It will be appreciated by those skilled in the art that the switchable frequency divider described above can also be operated by connecting the flip-flop's D and Q terminals as shown and deriving the output signal from its Q terminal. This would, however, result in the production of an output signal out of phase with the clock pulses, an effect not desired in certain applications. An additional possible modification to the circuit illustrated in FIG. 1 includes the connection of output 22 of NOR gate 24 to the reset terminal R of flip-flop 14 in which case the output developed at node 20 would be slightly shifted in time with respect to that shown in FIG. 2f. Also, with suitable modifications, alternative logic formulations of gate 24 could be employed.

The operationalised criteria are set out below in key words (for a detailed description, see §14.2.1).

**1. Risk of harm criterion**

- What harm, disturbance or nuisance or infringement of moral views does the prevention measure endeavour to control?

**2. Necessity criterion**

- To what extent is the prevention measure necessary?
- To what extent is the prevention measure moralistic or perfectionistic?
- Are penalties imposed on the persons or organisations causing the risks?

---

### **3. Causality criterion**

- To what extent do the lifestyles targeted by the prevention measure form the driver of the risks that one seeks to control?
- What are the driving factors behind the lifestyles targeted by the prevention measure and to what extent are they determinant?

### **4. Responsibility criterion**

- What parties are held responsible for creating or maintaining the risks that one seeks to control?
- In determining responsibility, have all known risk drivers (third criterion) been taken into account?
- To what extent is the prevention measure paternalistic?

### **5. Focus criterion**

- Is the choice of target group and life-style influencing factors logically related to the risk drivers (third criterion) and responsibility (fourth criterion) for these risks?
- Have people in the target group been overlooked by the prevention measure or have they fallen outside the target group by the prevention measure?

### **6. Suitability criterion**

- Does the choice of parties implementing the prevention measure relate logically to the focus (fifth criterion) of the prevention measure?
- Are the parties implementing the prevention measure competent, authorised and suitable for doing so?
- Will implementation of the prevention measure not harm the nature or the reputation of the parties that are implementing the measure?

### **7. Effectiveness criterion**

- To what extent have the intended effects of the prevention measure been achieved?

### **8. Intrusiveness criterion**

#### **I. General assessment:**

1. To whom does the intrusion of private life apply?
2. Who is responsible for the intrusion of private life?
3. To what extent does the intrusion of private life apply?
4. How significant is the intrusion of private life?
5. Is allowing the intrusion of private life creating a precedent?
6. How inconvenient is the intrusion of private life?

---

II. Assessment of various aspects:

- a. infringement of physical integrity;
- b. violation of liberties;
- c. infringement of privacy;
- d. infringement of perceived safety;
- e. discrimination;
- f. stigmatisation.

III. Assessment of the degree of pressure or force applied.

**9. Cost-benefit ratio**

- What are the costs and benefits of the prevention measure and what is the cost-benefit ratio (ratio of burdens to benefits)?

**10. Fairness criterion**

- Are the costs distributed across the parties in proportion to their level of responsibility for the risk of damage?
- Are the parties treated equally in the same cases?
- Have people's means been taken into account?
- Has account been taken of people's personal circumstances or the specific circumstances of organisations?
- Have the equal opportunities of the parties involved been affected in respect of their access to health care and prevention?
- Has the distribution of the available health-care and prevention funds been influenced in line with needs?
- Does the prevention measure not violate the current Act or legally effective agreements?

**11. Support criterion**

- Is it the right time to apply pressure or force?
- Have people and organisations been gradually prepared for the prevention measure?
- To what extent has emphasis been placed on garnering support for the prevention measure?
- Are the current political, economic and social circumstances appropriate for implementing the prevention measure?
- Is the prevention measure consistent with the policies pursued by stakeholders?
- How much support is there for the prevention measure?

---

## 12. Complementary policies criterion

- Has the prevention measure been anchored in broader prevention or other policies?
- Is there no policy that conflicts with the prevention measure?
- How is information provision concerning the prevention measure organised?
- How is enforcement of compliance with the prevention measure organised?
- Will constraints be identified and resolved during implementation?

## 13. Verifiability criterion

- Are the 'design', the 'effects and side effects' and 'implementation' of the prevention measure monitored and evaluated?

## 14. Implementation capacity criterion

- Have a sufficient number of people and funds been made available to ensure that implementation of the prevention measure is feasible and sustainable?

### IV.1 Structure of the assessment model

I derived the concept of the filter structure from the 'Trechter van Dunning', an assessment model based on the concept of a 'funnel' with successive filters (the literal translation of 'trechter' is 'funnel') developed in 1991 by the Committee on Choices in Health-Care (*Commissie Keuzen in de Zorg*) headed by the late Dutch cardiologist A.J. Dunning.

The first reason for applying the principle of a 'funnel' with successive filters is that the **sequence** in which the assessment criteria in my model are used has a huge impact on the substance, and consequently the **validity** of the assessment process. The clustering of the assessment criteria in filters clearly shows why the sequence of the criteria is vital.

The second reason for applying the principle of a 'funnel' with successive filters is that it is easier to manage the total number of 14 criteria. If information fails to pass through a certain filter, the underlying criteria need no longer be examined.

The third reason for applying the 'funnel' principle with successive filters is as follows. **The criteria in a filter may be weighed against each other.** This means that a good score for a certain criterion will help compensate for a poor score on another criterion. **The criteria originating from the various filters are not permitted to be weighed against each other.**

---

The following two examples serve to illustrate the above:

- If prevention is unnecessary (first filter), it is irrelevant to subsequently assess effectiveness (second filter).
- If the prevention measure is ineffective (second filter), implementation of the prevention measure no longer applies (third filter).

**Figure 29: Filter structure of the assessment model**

While particular embodiments of the invention have been shown and described, it will be obvious to those skilled in the art that changes and modifications may be made without departing from the invention in its broader aspects, and, therefore, the aim in the appended claims is to cover all such changes and modifications as fall within the true spirit and scope of the invention.
|Cited Patent||Filing date||Publication date||Applicant||Title|
|US3393366 *||Jun 5, 1964||Jul 16, 1968||Trw Inc||High precision motor speed control circuit utilizing binary counters and digital logic|
|US3800233 *||Jul 7, 1972||Mar 26, 1974||Omega Brandt & Freres Sa Louis||Adjustable frequency pulse generator|
|US3967205 *||Jun 5, 1975||Jun 29, 1976||Societa Italiana Telecommunicazioni Siemens S.P.A.||Frequency dividing network with odd integral step-down ratio|
|US4092604 *||Dec 17, 1976||May 30, 1978||Berney Jean Claude||Apparatus for adjusting the output frequency of a frequency divider|
|Citing Patent||Filing date||Publication date||Applicant||Title|